De Cicco v. BarkerAnnotate this Case
339 Mass. 457 (1959)
159 N.E.2d 534
GEORGE De CICCO vs. E. ADELE BARKER.
Supreme Judicial Court of Massachusetts, Middlesex.
February 3, 1959.
June 26, 1959.
Present: WILKINS, C.J., RONAN, SPALDING, WILLIAMS, & CUTTER, JJ.
Stuart R. Plumer, for the plaintiff.
Julius H. Soble, for the defendant.
In this suit in equity the plaintiff seeks to obtain from the defendant the return of six engagement rings given by him to her in contemplation of marriage. The defendant demurred to the plaintiff's bill on the ground that the suit was prohibited by G.L.c. 207, § 47A. The demurrer was overruled by interlocutory decree and the defendant appealed. She then answered and made counterclaim for the return by the plaintiff of two rings given to him by her. The case was referred to a master who reported the following facts. The parties met in December, 1952. The plaintiff was then married. In February, 1954, his wife became *458 "very" ill and was hospitalized. He discussed with the defendant the possibility of marriage if his wife died. In March they picked out a six carat diamond ring which the plaintiff purchased and gave to the defendant. He also gave her at some time three other rings. His wife died on April 6. About May 3 the defendant gave the plaintiff a "man's diamond ring ... in contemplation of marriage, and as an engagement ring." The plaintiff negotiated for the purchase of a house which the defendant had selected and they installed there a quantity of her furniture and numerous articles purchased by him as gifts for her. At some time between the wife's death and the following November the parties had agreed to marry. In January, 1955, the defendant broke the engagement without "adequate cause" or "fault" on the part of the plaintiff. The master found that the six carat diamond ring was given by the plaintiff to the defendant as an "engagement ring ... upon the implied condition that the parties would be married when and if his wife died" and that the other rings given by him were "absolute gifts." The master's report was confirmed and a final decree entered dismissing both the plaintiff's bill and the defendant's counterclaim. The plaintiff appealed.
It is generally held that an engagement ring is in the nature of a pledge, given on the implied condition that the marriage shall take place. If the contract to marry is terminated without fault on the part of the donor he may recover the ring. Gikas v. Nicholis, 96 N.H. 177. Priebe v. Sinclair, 90 Cal. App. 2d 79. See 24 A.L.R.2d 579. General Laws c. 207, § 47A, on which the defendant relies, was inserted by St. 1938, c. 350, § 1. It provides that "Breach of contract to marry shall not constitute an injury or wrong recognized by law, and no action, suit or proceeding shall be maintained therefor." Its title, "An Act abolishing causes of action for breach of contract to marry, with a view to preserving the marriage institution and protecting the public morals," is indicative of its purpose. See 33 Mich. L. Rev. 979. We held in Thibault v. Lalumiere, 318 Mass. 72, that after breach *459 of such a contract a woman could not maintain an action in tort to recover damages for embraces and caresses to which she had submitted during the engagement. The present suit is different in character. It is a proceeding not to recover damages either directly or indirectly for breach of the contract to marry but to obtain on established equitable principles restitution of property held on a condition which the defendant was unwilling to fulfil. It seeks to prevent unjust enrichment. Authority for the maintenance of such a suit is found in the Restatement: Restitution, § 58, and in the judicial decisions in other States having statutes similar to § 47A. Gikas v. Nicholis, 96 N.H. 177. Pavlicic v. Vogtsberger, 390 Pa. 502. See 29 Cornell L.Q. 401. We think it is not the kind of suit which the Legislature intended to abolish and that the plaintiff is entitled to recover his engagement ring.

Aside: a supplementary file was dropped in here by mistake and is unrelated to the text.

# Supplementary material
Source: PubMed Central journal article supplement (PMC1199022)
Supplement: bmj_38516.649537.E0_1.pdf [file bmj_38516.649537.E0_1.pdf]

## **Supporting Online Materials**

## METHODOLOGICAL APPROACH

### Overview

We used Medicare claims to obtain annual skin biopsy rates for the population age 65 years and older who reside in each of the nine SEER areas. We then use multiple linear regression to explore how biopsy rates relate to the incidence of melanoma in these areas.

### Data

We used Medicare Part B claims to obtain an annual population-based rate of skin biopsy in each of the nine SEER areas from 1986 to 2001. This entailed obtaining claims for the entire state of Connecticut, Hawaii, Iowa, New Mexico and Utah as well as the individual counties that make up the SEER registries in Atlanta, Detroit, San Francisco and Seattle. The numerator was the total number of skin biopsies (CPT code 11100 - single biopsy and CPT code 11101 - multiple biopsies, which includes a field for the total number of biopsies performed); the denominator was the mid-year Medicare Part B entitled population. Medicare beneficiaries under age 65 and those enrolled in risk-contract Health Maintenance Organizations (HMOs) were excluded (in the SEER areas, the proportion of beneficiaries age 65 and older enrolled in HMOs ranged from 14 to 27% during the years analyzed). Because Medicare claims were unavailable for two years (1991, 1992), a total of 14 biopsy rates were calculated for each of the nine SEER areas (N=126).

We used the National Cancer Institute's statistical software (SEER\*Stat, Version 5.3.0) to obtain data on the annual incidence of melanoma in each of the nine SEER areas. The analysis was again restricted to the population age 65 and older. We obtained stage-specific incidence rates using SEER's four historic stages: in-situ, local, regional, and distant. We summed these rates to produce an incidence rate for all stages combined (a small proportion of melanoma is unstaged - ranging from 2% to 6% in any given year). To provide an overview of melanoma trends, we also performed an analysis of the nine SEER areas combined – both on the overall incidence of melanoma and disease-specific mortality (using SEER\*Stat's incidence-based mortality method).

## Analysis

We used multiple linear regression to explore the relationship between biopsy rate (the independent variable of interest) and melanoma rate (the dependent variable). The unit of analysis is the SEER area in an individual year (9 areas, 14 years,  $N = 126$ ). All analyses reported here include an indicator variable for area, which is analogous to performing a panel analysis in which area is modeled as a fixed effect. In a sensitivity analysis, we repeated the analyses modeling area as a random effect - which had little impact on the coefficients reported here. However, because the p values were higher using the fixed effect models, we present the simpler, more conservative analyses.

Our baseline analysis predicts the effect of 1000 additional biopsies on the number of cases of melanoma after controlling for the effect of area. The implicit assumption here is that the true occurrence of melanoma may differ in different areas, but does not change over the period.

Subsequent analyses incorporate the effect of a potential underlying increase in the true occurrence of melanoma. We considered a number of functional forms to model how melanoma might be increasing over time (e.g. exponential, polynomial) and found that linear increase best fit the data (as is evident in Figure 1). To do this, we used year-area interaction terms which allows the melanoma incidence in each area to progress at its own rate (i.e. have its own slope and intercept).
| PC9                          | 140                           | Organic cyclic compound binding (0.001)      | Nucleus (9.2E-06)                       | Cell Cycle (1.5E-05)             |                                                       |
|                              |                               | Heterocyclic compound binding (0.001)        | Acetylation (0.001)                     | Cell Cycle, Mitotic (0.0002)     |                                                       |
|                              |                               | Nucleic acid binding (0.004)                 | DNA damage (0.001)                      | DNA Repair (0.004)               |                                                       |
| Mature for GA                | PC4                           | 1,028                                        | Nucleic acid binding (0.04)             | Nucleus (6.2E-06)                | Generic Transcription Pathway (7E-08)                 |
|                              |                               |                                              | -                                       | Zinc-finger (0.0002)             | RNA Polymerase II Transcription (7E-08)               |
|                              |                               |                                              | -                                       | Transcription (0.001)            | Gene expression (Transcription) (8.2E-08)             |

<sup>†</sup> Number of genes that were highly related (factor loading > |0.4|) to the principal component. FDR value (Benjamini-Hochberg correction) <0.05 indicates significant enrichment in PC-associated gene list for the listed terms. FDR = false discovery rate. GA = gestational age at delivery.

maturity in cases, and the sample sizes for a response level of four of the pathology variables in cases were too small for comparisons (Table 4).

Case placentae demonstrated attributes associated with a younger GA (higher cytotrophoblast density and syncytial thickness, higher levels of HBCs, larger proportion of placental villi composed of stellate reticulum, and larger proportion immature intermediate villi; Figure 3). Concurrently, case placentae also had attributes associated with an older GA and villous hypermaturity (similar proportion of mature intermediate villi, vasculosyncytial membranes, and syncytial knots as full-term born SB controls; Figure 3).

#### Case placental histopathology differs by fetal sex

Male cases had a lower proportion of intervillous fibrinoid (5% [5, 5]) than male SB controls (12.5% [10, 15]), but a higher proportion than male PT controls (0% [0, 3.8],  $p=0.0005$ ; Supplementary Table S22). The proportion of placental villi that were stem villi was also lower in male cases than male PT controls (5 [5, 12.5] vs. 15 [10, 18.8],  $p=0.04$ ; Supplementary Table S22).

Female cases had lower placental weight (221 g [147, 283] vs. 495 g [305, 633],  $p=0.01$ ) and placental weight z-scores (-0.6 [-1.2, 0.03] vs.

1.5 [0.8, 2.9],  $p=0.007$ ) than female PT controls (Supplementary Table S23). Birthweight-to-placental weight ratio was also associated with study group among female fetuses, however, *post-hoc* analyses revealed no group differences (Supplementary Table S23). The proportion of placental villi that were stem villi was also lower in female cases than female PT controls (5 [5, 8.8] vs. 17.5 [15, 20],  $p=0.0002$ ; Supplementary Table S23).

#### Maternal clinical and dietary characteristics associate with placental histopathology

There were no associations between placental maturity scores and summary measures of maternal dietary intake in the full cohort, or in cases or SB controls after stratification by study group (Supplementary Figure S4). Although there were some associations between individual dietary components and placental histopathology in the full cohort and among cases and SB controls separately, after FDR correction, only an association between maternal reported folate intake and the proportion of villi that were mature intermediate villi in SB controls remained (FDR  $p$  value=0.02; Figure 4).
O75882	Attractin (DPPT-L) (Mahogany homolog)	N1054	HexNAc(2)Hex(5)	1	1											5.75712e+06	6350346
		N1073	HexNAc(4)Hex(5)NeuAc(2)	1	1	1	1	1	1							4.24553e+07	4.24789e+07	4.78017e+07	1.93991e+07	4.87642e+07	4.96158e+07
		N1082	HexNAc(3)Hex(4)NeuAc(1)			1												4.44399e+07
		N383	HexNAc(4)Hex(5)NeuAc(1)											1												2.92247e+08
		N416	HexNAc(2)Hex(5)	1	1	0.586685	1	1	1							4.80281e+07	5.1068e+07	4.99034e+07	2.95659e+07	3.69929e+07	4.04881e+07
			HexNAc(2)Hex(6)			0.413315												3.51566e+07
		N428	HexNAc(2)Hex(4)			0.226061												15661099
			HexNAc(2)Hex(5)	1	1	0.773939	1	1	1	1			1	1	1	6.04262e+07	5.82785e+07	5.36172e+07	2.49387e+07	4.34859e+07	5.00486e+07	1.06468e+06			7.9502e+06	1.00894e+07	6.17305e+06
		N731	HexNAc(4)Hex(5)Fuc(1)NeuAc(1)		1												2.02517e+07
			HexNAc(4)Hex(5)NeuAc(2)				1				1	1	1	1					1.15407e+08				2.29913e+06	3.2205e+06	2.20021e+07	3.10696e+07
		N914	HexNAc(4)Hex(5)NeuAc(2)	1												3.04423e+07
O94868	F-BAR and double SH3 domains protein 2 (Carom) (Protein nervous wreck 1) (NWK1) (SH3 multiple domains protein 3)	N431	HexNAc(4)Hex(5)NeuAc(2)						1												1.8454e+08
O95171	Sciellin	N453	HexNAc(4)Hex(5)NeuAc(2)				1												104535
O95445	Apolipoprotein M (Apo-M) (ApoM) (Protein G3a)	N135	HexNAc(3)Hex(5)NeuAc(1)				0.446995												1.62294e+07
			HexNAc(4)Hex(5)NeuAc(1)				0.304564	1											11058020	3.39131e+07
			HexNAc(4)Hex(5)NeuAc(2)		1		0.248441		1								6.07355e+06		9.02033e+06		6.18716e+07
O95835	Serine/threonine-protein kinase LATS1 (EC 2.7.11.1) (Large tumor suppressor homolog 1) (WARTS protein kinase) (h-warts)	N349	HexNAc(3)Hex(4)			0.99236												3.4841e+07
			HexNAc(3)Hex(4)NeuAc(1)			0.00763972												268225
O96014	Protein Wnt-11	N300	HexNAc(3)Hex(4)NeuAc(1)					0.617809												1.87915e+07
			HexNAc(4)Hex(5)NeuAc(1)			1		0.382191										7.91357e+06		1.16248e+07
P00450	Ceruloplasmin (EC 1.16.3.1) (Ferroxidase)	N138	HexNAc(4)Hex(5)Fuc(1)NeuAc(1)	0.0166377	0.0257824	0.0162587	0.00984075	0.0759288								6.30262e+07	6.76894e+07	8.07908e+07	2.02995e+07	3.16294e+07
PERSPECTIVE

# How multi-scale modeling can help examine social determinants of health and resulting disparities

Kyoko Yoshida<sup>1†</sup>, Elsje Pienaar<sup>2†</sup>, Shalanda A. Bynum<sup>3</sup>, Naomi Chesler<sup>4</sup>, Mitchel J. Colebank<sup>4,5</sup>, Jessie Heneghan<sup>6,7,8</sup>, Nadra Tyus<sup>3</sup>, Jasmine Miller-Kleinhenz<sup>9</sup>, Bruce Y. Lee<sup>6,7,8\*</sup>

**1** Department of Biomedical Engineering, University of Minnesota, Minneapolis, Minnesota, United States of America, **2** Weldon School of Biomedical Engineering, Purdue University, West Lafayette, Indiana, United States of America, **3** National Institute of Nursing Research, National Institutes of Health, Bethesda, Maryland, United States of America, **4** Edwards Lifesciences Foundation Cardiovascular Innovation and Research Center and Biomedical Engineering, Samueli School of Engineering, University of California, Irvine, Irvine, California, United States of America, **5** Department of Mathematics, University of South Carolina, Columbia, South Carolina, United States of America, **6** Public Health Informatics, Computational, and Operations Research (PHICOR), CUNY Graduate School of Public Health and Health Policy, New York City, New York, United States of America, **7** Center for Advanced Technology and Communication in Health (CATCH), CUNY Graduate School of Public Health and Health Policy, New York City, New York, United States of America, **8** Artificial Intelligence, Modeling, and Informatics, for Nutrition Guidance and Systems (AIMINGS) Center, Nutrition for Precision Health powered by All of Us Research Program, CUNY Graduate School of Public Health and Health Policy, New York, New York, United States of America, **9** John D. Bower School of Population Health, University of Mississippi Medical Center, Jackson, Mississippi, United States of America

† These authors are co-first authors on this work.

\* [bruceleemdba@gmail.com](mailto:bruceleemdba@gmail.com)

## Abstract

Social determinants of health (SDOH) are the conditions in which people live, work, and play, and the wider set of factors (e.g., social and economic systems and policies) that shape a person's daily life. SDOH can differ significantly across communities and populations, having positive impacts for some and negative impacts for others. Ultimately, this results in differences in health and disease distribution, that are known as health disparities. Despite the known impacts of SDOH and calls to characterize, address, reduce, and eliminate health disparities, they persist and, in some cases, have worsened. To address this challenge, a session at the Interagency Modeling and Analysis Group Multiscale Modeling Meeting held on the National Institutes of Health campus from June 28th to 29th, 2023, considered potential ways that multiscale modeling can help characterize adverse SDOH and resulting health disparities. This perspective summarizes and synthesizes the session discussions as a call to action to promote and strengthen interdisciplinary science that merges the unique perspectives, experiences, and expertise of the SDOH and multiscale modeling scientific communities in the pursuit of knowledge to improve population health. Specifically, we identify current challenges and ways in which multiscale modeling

It was said in the Thibault opinion that § 47A "abolished any right of action, whatever its form, that was based" upon breach of promise. Further consideration leads us to think that the statement was too inclusive and that a proceeding may be maintained which although occasioned by breach of contract to marry, and in a sense based upon the breach, is not as was the action in the Thibault case brought to recover for the breach itself.
The interlocutory decree overruling the defendant's demurrer is affirmed. The final decree is reversed in so far as it provides for the dismissal of the plaintiff's bill and is affirmed as to the dismissal of the defendant's counterclaim. A new final decree is to be entered providing that the defendant deliver to the plaintiff the six carat diamond engagement ring.